ryan-franco-116991-300x200There are many reasons why your particular rental unit may not have the benefits of rent control. It could be that your local authorities never enacted any type of rent control. Meaning it might not just be your building that is without rent increase limitations, it may be your entire city or county. You may lack rent control because despite your area having rent control, you live in an exempted unit. Many areas, like San Francisco, have rent control for older units but exempt “new construction,” which is any unit granted a residency certificate after a specific date. In San Francisco, that date is June 13, 1979. However, there is another reason you may not have a rent controlled unit. A California law known as the Costa-Hawkins Rental Housing Act restricts municipalities from creating rent control ordinances on newer buildings.

Your Local Ordinance

While some cities in California chose to enact rent control at one time, many never did. Rent control becomes popular during times of rising rents and limited housing. However, it is not standard across the country by any means. Many cities and counties across the U.S. have never experienced housing shortages. Or when issues arose, they allowed the market to control the outcome instead of attempting to legislate the issue.

ryan-franco-116991-300x200In June, the City of Santa Monica’s Rent Control Board announced its 2017 general adjustment (GA) cap. This year, landlords cannot raise rent for rent controlled units by more than 2%, with a maximum increase of $40. This applies to all maximum allowable rents of $1,975 or higher.

The Rent Control Board sets the yearly GA based on 75% of the annual change in the Consumer Price Index for the greater Los Angeles Area, which was 2.7%. The Board announced the 2% GA back in May, yet the Board voted to implement the $40 cap in July over concern about rising rents.

When Santa Monica’s GA May go into Effect

brandon-griggs-82205-300x200Despite what you might have heard, California does not have a statewide rent control provision. This leaves rent control up to cities or counties. If you live in a unit that is applicable to your local rent control ordinance, then you have a number of additional rights as a tenant compared to another renter in a non-rent controlled unit. Your landlord can only raise your rent a certain amount at a certain interval, and must give you a specific amount of notice regarding the increase. Each of these elements, including how much, will be dictated by your local law. If you believe your unit is rent controlled and your landlord is violating the ordinance, contact a local tenants rights attorney to find out how to protect your rights.

Look up Your Local Law

When you are wondering if your unit is rent controlled, the first question you should ask is whether your city has a rent control ordinance. Some cities do, and some do not. The following cities have some type of rent control ordinance in California:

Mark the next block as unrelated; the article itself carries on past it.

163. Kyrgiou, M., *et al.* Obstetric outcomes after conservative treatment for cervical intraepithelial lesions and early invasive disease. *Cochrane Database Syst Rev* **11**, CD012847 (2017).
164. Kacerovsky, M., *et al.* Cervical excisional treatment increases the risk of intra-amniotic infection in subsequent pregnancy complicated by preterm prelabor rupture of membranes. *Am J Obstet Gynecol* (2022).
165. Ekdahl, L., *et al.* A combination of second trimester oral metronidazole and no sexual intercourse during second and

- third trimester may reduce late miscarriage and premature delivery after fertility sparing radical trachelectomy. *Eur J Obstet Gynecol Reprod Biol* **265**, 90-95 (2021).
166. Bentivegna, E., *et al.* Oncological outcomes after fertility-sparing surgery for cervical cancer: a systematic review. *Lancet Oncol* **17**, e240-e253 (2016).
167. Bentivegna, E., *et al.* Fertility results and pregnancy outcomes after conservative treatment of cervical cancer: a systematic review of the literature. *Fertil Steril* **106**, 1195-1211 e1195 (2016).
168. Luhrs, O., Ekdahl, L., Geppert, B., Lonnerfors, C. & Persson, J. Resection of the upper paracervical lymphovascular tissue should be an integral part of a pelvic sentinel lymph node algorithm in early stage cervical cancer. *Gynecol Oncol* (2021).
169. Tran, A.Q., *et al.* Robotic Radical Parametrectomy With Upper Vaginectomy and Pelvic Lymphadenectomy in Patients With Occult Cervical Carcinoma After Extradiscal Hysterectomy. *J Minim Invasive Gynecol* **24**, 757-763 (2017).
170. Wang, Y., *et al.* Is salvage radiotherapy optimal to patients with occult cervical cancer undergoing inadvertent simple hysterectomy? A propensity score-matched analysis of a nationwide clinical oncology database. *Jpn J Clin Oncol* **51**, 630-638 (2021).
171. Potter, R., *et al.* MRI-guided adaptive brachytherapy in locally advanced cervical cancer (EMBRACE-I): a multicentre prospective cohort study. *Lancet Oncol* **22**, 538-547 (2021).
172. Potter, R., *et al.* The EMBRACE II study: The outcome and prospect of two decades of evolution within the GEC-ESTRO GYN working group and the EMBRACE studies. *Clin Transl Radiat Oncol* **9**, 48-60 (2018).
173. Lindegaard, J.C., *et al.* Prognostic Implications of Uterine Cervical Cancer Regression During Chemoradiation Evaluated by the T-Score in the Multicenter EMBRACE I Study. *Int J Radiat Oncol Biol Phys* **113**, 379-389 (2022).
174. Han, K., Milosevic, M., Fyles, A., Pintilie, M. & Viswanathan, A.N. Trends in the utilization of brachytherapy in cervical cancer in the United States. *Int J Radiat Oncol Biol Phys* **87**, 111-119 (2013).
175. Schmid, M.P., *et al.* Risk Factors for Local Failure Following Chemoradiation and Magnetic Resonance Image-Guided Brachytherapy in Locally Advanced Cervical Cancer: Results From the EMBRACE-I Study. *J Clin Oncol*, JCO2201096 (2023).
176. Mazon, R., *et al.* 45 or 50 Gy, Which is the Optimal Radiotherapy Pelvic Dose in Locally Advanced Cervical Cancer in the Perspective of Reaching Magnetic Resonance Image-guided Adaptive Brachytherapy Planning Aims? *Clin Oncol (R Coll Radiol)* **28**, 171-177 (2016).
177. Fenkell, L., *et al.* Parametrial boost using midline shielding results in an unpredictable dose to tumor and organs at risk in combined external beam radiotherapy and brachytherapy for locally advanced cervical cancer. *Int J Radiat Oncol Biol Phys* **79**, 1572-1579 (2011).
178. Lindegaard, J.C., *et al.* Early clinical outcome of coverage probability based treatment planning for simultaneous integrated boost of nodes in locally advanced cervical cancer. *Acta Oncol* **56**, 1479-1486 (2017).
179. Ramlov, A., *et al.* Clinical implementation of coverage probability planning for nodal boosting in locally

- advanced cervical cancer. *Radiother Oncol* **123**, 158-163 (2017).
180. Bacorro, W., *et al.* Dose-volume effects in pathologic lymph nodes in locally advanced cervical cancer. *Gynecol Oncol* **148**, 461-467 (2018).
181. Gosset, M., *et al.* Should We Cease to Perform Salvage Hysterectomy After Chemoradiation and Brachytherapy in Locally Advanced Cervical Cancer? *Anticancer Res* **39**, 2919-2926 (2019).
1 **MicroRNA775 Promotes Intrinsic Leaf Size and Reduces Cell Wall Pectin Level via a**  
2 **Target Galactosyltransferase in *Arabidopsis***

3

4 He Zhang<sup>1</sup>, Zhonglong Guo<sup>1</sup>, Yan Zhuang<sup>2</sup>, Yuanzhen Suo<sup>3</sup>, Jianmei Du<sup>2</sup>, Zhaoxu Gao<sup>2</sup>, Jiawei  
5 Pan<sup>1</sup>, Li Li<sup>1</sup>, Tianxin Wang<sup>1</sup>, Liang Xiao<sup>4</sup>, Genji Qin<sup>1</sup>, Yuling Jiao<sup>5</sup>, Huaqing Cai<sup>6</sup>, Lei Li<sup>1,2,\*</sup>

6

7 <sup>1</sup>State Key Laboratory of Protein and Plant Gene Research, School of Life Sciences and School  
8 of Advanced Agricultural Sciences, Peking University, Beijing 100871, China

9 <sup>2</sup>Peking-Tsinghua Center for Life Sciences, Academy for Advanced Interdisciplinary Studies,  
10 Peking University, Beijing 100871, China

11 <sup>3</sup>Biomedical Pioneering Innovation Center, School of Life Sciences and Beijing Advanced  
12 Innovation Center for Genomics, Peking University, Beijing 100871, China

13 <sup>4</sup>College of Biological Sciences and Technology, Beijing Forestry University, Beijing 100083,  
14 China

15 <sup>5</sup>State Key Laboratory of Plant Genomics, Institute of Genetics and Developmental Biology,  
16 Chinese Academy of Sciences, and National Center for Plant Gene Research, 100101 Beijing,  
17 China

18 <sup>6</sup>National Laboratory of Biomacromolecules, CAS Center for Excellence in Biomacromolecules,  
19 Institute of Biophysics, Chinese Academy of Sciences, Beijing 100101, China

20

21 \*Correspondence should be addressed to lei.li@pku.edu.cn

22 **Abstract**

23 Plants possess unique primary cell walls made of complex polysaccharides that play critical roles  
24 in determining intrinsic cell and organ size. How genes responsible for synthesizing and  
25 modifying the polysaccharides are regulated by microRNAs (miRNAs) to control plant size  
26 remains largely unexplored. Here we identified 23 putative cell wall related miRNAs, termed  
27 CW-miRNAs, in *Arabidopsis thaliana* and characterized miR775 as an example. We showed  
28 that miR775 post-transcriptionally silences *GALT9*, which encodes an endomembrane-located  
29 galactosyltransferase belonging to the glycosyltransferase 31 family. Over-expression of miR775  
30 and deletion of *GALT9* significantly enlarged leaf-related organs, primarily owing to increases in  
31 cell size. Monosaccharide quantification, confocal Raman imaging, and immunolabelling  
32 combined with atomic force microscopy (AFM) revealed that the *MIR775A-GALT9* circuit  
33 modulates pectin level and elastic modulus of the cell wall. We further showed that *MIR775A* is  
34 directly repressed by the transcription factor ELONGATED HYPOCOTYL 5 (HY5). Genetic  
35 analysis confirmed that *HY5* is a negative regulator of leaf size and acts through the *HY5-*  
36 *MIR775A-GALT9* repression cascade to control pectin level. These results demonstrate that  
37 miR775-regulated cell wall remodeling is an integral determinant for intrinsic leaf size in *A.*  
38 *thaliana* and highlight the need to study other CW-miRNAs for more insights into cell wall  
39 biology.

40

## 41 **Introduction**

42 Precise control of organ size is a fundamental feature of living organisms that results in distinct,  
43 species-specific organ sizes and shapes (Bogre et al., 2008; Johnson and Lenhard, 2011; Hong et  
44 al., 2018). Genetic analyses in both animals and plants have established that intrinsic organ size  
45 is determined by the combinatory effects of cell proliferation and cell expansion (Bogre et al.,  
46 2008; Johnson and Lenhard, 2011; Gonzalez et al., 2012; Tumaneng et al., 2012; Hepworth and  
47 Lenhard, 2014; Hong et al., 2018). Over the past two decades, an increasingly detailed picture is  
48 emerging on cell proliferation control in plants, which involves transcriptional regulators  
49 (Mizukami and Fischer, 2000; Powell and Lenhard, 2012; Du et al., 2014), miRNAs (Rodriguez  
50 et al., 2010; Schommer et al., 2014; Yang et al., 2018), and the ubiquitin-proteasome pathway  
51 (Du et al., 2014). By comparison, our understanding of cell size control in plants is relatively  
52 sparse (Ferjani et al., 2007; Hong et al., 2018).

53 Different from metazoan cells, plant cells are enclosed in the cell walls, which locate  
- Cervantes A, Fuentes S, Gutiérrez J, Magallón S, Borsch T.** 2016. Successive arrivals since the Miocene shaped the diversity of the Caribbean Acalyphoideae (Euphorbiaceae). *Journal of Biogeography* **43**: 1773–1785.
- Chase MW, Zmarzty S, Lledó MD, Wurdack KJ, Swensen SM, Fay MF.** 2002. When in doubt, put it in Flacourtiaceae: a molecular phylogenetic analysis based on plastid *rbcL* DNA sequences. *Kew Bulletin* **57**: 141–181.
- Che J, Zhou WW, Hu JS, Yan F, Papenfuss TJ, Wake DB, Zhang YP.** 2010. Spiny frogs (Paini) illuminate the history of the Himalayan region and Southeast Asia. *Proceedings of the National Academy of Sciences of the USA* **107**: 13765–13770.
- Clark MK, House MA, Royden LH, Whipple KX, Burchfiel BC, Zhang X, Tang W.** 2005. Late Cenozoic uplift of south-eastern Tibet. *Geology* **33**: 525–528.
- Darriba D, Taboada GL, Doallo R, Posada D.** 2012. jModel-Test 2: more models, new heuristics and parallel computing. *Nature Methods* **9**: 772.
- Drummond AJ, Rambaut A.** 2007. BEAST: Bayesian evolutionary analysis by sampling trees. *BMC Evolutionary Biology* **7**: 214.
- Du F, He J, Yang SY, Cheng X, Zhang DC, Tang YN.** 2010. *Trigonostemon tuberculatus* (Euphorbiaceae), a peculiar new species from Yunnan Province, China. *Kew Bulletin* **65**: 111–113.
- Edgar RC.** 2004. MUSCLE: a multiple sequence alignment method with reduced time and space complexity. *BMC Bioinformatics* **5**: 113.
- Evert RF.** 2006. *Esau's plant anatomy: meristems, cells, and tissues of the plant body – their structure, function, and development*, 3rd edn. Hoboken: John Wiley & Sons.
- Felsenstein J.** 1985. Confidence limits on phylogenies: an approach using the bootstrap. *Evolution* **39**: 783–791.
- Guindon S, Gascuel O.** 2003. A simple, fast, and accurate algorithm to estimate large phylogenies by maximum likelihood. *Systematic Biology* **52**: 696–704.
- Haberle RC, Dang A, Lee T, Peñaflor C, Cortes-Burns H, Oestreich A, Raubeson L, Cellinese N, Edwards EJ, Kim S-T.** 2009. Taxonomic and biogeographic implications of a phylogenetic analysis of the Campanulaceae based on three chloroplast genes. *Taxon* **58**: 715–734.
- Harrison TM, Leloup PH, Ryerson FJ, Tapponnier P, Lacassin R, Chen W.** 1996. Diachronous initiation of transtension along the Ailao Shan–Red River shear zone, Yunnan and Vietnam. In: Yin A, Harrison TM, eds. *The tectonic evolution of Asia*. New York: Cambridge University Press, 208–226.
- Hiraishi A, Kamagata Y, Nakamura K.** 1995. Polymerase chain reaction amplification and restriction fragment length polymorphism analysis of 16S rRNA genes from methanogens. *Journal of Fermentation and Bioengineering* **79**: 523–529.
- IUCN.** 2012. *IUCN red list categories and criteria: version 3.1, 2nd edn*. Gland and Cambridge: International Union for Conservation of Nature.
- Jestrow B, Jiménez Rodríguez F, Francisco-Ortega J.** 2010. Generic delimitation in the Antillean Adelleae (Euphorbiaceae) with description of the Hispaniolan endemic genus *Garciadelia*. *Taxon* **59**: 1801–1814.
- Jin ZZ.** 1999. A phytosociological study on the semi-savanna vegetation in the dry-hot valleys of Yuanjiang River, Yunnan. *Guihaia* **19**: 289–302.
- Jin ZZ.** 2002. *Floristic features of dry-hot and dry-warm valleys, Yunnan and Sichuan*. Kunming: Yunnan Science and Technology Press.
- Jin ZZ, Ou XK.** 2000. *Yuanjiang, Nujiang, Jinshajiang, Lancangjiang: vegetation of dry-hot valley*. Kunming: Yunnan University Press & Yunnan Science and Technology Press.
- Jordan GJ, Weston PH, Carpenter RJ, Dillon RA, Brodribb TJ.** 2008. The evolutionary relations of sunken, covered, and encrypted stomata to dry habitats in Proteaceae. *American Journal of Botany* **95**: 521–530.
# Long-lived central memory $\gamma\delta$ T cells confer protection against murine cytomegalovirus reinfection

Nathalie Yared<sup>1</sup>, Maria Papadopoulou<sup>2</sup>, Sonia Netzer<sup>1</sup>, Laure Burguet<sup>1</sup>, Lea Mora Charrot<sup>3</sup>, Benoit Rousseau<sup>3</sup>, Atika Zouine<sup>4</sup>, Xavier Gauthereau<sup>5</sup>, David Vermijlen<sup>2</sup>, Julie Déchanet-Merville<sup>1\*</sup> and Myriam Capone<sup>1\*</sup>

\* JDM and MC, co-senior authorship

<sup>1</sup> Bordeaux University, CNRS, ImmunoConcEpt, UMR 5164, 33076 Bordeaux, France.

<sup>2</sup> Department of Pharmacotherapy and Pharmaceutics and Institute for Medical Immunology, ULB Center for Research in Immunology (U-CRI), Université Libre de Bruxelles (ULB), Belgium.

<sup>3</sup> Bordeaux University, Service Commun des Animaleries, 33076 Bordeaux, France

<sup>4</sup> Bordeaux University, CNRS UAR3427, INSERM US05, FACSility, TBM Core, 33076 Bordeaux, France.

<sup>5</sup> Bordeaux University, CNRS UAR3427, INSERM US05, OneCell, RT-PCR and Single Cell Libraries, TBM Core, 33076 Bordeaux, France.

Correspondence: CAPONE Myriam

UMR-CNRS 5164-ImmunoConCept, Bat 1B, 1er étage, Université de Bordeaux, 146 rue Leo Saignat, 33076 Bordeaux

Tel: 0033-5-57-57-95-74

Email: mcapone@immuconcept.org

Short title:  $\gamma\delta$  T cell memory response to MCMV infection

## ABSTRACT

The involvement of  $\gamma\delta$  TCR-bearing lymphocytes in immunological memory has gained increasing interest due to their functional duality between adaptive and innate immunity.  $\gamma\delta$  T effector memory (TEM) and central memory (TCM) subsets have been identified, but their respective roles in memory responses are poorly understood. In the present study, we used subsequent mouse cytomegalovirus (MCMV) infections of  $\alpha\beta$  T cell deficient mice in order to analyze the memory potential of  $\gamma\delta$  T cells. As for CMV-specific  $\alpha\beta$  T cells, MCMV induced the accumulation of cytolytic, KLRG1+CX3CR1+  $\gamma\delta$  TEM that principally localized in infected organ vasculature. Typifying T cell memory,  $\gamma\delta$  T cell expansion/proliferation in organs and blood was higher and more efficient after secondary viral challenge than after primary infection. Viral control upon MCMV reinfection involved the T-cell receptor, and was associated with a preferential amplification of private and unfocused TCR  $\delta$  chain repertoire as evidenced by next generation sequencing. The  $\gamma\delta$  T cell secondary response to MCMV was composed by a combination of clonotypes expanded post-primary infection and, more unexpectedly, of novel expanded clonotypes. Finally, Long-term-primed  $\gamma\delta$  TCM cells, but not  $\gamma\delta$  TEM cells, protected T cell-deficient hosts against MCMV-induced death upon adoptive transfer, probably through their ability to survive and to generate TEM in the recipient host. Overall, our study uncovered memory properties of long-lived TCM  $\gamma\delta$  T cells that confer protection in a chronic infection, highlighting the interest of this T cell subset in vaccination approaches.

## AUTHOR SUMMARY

lili-popper-29464-300x169San Francisco rental and housing costs have skyrocketed in recent years. The amount a landlord can get for a small unit has doubled or tripled compared to potential rent prices just a few years ago. This potential financial gain means it is often in the landlord’s best interests to have a long-term tenant move out so that the new rent can be increased a significant percentage – a move that may not be possible with current tenants under rent control laws. This motivation has led landlords across the area to illegally evict tenants. However, lawmakers and prosecutors are cracking down on this type of behavior and at least one notorious landlord has been fined millions of dollars for deceptive and bad faith practices.

San Francisco Landlord Heavily Fined

In a ruling against local landlord Anne Kihagi, Judge Angela Bradstreet stated there was a pattern of bad-faith harassment, retaliation, and fraud against Kihagi’s tenants, San Francisco Gate reported. Kihagi was found to have intentionally ruined her tenant’s ability to quietly enjoy their rental property due a campaign of continual harassment, a reduction in services, and unlawful evictions. She was fined close to $2.4 million for violations of California housing law and ordered to pay all of the city’s court and investigative fees, which are expected to be a couple million dollars.

aowellzmpzm-gor-davtyan-225x300In early April, the Board of Supervisors introduced two new pieces of legislations both aimed at making it more difficult for landlords to wrongfully evict tenants. The legislation, introduced by Supervisor Mark Farrell and Supervisors Aaron Peskin and Jane Kim, was drafted after an NBC Bay Area Investigation found landlords were fraudulently claiming landlord move-ins to evict tenants. It is legal for landlords to evict tenants so that they or one of their family members can move into a unit. However, NBC found there is little oversight to this process and many landlords are lying to get old tenants out and new tenants willing to pay much higher prices in.

The NBC Bay Area Investigation

NBC investigators knocked on doors throughout San Francisco to survey residents in addresses that were listed as having an owner-move-in eviction. They were able to survey residents at more than 100 addresses and found 24 instances in which neither the landlord nor a family member was currently living in the unit. This meant that nearly one in four evictions may have been unlawful.